In any case, I don't know whether or not we'll ever get to the social metrics that hard-core CSR professionals and academics seek. What I do know, however, is that people in other parts of my company need an easy way to understand CSR performance and I need to develop something that gives us directional insight into social performance. As it stands, my metrics system doesn't provide an absolute grade. The important part is that it serves as a springboard for discussion.

And my point in introducing these metrics into our company vocabulary isn't to help our contract factories strive for perfection. When it comes to social performance, it's about continuous improvement and metrics can help describe relative performance between entities or over time. I just hope my business partners understand that I want to provide these metrics in a certain spirit - to cultivate ongoing feedback, dialogue and improvement.

Wednesday, May 5, 2010

Writer's Block

It's my own fault, really. In my previous companies, we've had robust Corporate Communications teams who managed the corporate website. In order to make any changes (large or small), requests had to funnel through this department and much strategic thinking went into whether or not the change(s) could be made and how it would impact the company's overall messaging and positioning.

In my current company, we simply don't have the same resources and making changes to our corporate website happens much more quickly and without the same level of thought or bureaucracy.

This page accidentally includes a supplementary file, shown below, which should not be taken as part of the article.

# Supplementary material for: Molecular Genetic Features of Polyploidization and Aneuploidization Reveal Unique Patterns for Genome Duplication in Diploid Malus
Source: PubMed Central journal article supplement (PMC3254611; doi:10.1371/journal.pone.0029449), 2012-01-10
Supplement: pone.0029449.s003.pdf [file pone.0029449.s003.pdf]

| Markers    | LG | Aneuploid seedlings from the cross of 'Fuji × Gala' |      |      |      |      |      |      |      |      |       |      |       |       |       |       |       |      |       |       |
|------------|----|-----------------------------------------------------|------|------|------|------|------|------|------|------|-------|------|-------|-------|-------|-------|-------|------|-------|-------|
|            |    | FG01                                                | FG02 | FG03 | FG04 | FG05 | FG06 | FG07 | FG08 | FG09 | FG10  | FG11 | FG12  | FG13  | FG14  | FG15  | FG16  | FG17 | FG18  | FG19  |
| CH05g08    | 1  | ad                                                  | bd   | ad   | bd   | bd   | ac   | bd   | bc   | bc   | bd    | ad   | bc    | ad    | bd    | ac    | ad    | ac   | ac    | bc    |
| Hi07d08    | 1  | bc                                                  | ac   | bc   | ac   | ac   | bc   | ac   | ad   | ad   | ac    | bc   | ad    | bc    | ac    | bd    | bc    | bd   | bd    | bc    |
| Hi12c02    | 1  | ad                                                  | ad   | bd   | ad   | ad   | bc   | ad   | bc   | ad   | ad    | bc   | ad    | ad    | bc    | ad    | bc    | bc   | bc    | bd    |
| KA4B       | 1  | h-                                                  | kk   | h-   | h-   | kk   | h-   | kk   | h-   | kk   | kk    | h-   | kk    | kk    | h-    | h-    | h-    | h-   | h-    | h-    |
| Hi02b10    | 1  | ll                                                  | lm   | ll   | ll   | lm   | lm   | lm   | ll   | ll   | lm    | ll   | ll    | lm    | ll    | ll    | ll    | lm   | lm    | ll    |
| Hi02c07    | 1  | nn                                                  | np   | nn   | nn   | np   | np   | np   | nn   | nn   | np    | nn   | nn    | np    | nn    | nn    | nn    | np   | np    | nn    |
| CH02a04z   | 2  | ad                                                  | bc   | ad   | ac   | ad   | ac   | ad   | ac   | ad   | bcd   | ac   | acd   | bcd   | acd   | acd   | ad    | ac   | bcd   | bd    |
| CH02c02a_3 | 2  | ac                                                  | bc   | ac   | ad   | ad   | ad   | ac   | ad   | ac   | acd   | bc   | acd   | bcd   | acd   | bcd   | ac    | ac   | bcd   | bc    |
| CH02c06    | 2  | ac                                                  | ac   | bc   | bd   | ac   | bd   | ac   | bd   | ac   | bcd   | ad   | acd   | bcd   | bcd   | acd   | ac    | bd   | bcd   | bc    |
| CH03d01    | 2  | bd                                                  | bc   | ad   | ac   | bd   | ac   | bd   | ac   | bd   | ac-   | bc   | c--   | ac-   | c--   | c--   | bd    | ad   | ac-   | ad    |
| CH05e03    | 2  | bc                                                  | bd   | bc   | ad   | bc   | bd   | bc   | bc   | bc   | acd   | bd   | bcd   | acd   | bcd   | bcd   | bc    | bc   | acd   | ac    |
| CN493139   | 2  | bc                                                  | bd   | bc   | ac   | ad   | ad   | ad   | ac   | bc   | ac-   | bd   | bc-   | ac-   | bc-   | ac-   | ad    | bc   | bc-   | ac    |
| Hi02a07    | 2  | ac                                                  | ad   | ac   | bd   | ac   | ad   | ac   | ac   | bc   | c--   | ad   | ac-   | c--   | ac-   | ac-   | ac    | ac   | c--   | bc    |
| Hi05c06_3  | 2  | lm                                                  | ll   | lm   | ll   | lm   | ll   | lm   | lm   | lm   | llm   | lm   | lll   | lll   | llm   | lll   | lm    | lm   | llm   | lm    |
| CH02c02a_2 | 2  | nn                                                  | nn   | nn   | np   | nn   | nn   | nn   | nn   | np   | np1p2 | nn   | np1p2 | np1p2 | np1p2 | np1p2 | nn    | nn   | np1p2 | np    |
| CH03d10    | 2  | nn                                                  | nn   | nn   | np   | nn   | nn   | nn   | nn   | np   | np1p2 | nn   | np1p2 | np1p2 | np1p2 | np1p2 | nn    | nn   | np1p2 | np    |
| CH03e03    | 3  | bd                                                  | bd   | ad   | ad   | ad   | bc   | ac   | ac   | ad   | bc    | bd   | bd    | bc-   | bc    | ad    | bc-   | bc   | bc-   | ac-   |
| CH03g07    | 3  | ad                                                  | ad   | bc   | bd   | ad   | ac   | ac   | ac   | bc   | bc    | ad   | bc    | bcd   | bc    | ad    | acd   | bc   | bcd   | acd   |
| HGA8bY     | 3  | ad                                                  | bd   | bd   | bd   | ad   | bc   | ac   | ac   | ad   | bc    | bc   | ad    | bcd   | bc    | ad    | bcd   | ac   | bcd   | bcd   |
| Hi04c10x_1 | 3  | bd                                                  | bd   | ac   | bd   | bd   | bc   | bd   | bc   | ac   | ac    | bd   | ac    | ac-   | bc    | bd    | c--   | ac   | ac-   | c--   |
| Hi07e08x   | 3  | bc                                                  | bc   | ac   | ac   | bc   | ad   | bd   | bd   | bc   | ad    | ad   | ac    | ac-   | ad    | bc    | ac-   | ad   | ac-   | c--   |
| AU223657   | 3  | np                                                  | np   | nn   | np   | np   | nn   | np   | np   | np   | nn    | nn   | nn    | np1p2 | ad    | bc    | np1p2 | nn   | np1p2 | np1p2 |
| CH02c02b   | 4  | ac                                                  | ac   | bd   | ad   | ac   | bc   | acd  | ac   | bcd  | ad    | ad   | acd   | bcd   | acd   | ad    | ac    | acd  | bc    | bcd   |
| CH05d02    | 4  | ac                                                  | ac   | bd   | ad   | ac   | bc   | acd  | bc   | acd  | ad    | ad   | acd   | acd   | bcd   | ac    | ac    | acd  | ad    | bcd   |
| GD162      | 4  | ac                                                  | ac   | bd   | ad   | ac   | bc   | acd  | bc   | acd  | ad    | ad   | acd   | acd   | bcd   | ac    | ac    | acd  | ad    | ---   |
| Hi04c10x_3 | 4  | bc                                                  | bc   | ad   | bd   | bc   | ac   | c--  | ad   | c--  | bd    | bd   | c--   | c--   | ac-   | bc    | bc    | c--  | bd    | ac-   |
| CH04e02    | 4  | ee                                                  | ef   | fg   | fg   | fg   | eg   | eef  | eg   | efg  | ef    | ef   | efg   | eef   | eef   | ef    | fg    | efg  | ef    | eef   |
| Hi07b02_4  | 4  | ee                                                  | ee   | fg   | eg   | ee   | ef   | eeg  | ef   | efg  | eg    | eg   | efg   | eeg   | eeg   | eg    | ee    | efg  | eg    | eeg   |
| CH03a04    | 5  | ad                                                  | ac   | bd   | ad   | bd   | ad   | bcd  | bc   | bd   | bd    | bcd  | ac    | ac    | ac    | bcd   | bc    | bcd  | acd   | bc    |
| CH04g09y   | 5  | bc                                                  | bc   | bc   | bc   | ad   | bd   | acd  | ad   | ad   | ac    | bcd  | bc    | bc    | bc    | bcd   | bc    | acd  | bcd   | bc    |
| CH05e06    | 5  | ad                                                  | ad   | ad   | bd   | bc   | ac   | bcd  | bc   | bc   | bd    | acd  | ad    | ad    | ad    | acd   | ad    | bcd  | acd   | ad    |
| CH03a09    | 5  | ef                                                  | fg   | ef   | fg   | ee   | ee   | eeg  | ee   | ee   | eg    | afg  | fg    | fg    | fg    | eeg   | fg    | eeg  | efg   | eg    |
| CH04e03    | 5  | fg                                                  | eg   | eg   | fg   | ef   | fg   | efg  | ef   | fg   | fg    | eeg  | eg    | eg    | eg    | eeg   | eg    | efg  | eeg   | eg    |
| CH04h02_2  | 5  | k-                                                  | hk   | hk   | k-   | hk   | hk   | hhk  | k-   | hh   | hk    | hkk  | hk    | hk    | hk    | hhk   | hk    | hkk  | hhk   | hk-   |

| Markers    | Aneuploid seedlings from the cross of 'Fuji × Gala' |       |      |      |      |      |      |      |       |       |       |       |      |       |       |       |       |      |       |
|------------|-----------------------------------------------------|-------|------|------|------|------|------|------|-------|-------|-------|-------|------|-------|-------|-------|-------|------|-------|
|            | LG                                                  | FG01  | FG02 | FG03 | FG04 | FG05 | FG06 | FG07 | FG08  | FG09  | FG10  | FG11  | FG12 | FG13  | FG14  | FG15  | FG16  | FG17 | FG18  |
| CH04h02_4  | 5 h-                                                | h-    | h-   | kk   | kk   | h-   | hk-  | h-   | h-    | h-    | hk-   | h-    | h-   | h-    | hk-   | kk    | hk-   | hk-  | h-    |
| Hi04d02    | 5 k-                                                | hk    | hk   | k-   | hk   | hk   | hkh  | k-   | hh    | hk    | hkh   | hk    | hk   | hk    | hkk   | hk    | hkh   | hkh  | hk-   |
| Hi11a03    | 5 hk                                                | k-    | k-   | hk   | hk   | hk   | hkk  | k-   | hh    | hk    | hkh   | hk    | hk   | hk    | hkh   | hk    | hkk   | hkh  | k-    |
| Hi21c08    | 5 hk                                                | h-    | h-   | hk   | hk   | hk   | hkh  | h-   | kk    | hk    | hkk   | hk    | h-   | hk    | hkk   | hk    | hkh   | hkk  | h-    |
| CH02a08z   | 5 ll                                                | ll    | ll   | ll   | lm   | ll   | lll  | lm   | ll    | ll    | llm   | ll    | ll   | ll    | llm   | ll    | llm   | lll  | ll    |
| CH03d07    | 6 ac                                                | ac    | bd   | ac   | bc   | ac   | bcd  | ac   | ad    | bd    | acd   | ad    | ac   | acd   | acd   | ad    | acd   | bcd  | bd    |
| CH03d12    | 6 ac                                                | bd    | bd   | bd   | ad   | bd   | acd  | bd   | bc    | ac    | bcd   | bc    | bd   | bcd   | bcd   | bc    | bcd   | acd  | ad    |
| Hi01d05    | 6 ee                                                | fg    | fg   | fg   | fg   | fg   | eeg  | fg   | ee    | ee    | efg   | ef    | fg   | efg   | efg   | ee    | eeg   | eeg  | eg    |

In the two years I spent in my last position, I joined a battle to elevate the "Corporate Citizenship" section of the website to the main navigation, arguing that today's customers and potential employees expect to see this information front-and-center. It's a debate that predated me joining the company and, to my knowledge, it continues after my departure.

So, I started campaigning early. I'm almost three months into my job and there's now a "Corporate Responsibility" tab in the main navigation of our company's website. It was a much easier and quicker response than I could have ever imagined. Now I have a bigger problem: there's no content!

Without resources to hire a writer, I've been trying to draft content for our website - something that authentically, yet succinctly describes our approach to CSR. I'm stretching to find verbiage that illustrates our genuine commitment without overstating our progress to date. I'm quickly reaching out to other parts of the business to get a fuller picture of initiatives that have been underway for years, before I joined the company. I'm trying to emulate our corporate voice and bring in elements that make this story unique to my company. And most of all, I'm trying to avoid writing the same thing I've written for my past two companies' websites and CSR reports!

So, naturally, I've taken a break from the drafting and turned to blogging for a bit. Hopefully, this little exercise will clear the cobwebs from my brain and allow me to tell our story (quickly!), so that visitors to our corporate website won't see the "under construction" message for much longer.